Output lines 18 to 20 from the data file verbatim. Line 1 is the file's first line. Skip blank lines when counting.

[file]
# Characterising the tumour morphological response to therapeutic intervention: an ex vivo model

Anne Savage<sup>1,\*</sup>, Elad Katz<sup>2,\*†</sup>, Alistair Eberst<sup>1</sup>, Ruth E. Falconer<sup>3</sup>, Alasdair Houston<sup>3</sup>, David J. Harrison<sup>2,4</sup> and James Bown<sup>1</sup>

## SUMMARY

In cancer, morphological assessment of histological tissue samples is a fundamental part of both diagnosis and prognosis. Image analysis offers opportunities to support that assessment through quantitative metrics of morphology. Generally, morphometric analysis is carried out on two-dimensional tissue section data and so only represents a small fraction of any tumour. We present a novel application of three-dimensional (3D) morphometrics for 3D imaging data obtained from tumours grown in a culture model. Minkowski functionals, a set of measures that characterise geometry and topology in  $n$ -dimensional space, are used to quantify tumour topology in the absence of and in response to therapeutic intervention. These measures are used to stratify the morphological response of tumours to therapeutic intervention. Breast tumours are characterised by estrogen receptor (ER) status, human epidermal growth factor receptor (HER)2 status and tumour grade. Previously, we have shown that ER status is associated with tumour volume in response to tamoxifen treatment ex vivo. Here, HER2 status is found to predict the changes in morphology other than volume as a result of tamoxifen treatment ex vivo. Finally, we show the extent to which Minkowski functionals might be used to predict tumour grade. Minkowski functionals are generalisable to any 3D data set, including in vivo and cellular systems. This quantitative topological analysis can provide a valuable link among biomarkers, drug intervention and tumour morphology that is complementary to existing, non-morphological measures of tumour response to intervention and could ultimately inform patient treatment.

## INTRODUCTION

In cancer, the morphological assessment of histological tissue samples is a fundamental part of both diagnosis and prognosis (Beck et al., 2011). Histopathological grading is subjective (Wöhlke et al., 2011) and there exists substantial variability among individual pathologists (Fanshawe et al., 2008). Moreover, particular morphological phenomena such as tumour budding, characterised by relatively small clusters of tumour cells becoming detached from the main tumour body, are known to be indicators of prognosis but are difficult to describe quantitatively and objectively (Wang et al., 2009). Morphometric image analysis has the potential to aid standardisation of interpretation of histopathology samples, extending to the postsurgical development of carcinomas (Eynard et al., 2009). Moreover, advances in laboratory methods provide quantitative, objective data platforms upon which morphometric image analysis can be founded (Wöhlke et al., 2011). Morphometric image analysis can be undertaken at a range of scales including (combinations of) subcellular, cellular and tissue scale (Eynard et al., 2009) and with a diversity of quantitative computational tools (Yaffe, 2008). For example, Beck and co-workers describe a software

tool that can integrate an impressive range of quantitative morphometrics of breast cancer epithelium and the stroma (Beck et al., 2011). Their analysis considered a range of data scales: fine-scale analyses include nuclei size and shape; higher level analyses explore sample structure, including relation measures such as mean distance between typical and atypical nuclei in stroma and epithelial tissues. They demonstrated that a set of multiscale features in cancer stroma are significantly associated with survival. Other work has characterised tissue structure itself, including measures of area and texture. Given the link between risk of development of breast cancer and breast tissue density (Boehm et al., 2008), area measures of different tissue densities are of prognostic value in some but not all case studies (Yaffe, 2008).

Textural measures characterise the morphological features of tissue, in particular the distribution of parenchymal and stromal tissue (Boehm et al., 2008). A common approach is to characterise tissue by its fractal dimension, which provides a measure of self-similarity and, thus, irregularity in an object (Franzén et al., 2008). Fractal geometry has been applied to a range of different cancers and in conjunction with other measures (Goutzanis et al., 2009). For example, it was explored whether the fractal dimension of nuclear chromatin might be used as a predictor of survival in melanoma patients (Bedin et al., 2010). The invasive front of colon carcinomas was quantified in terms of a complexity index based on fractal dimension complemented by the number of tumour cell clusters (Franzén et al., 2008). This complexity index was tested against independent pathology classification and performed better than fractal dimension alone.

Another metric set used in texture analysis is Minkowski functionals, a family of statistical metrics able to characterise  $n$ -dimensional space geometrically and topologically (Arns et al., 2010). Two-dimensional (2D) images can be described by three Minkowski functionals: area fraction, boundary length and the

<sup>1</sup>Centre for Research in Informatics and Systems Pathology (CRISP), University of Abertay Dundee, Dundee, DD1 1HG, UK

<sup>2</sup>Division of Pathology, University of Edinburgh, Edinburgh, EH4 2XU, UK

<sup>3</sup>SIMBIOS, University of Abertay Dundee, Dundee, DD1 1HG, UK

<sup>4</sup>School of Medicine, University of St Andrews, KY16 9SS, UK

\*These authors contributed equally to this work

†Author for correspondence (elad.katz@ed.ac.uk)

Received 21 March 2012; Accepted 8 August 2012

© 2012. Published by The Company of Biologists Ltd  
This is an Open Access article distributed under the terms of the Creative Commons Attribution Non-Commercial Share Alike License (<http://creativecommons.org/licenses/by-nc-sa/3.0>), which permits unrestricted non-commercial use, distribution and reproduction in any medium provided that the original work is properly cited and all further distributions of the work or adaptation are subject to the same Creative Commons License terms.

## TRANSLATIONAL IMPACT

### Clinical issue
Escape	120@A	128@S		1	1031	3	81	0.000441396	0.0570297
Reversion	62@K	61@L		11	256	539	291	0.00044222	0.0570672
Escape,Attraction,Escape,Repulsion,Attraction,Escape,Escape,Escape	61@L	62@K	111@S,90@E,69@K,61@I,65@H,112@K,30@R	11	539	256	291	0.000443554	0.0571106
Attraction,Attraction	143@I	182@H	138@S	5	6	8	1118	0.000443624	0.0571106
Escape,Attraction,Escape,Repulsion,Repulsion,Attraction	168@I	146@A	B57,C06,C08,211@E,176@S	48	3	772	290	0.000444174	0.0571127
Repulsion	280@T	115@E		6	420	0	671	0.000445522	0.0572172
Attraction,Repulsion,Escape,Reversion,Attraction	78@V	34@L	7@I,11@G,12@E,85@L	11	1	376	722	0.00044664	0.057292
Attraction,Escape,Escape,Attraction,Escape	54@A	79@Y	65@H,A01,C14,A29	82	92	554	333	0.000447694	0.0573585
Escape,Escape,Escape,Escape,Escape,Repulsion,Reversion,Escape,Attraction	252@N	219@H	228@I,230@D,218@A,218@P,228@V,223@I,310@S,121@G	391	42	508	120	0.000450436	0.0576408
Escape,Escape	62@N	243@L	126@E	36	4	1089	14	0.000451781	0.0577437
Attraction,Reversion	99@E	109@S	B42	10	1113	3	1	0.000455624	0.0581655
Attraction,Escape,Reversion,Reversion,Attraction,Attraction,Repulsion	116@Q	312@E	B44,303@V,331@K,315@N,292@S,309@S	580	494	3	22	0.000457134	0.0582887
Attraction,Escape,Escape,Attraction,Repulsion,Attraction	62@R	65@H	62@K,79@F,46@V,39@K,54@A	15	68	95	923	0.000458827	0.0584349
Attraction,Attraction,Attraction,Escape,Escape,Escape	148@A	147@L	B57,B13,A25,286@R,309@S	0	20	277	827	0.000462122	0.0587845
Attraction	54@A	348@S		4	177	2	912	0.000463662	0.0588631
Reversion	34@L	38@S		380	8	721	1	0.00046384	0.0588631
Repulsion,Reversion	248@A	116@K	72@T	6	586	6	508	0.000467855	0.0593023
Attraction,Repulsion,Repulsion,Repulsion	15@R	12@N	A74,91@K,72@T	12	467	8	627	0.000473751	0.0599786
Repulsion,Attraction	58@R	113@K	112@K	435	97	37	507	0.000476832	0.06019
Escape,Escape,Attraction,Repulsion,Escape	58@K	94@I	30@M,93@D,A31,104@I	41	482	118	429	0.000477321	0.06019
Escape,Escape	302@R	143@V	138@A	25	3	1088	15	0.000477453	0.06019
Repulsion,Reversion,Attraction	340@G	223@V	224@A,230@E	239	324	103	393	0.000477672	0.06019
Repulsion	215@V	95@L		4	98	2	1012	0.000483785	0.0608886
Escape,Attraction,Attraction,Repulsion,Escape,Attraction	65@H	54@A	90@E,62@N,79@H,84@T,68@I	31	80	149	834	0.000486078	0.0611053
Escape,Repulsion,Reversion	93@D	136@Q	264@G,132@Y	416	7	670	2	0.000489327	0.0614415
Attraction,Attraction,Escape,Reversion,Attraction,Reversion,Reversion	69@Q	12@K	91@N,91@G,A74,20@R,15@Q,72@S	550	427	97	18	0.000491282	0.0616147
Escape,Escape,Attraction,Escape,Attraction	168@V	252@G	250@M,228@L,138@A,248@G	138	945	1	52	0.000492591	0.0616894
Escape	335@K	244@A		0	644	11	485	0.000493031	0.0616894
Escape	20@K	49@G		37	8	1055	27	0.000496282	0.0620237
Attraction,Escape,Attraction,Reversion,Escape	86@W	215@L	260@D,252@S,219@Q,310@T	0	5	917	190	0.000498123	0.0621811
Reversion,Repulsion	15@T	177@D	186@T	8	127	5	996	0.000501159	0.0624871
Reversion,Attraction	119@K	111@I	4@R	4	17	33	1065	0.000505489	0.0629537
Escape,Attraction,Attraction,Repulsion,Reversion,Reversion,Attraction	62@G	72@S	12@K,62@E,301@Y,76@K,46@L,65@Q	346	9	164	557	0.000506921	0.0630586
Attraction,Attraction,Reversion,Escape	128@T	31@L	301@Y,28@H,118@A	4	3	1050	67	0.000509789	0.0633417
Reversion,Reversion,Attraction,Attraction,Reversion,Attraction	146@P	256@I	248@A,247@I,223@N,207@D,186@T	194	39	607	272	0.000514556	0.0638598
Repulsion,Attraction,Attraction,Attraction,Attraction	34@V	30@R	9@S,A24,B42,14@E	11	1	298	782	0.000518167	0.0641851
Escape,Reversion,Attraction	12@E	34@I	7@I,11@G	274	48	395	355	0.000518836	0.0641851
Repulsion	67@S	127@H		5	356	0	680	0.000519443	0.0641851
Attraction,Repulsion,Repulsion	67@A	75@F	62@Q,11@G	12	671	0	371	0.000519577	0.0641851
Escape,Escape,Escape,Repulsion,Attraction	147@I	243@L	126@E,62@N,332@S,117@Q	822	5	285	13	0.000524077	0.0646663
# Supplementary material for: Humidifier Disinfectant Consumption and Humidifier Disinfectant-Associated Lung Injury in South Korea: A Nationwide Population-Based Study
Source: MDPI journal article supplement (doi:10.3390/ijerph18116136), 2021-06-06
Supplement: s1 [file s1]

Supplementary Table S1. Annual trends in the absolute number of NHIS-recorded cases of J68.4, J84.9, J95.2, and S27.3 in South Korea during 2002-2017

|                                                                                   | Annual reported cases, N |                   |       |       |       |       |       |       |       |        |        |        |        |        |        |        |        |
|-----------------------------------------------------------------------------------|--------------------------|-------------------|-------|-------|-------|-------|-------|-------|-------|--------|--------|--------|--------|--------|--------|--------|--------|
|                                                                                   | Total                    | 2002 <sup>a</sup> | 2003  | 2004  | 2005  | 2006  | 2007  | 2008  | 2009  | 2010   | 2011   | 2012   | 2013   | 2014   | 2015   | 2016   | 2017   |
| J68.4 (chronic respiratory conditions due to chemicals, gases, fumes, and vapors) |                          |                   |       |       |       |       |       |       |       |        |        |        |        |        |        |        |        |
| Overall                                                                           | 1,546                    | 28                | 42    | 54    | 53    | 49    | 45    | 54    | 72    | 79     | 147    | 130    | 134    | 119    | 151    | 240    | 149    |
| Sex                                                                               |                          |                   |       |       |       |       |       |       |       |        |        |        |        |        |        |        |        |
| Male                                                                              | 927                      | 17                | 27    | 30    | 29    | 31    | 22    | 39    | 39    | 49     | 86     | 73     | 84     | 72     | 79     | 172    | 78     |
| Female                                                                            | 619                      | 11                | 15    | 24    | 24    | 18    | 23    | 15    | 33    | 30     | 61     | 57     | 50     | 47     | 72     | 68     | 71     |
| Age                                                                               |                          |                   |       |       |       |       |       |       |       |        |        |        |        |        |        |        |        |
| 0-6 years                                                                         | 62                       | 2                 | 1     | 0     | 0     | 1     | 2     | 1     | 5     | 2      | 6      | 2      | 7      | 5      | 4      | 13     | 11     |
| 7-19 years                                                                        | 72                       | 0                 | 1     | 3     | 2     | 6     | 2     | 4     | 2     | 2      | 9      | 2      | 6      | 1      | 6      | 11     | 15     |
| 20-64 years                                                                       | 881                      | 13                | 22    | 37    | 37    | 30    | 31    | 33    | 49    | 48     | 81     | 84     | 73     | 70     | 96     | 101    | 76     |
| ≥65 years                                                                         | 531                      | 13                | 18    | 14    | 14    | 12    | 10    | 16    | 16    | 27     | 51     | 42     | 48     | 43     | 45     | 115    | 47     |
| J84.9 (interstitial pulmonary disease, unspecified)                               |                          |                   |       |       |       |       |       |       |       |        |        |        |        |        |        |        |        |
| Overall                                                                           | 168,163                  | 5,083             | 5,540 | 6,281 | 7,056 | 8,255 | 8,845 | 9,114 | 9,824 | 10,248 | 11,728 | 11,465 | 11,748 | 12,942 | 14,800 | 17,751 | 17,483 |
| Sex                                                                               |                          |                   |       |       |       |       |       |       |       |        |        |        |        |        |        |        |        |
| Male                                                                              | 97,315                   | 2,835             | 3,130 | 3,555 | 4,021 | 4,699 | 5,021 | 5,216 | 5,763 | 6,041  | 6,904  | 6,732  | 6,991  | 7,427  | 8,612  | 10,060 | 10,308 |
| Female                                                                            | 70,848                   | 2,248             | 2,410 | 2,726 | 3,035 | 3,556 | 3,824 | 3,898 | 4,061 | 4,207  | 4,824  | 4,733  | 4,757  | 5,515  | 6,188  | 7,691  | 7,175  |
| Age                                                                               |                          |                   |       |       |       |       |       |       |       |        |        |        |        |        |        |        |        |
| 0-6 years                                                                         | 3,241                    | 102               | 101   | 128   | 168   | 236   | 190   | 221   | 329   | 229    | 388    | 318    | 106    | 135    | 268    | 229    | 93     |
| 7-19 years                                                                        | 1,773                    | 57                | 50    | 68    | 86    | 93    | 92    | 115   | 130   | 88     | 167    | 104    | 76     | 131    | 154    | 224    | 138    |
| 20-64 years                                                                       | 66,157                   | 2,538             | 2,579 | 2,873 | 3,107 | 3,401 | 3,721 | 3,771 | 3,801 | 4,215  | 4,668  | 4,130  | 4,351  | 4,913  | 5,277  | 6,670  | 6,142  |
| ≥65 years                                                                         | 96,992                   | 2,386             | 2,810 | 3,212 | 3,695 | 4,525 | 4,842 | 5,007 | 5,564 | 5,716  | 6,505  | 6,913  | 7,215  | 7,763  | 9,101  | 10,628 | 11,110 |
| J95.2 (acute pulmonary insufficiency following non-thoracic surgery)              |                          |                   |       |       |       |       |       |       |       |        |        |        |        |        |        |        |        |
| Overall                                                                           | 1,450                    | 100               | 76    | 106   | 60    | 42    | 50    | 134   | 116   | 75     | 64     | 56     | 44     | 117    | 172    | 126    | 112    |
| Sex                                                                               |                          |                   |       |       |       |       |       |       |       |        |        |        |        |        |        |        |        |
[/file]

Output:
This is an Open Access article distributed under the terms of the Creative Commons Attribution Non-Commercial Share Alike License (<http://creativecommons.org/licenses/by-nc-sa/3.0>), which permits unrestricted non-commercial use, distribution and reproduction in any medium provided that the original work is properly cited and all further distributions of the work or adaptation are subject to the same Creative Commons License terms.

## TRANSLATIONAL IMPACT

### Clinical issue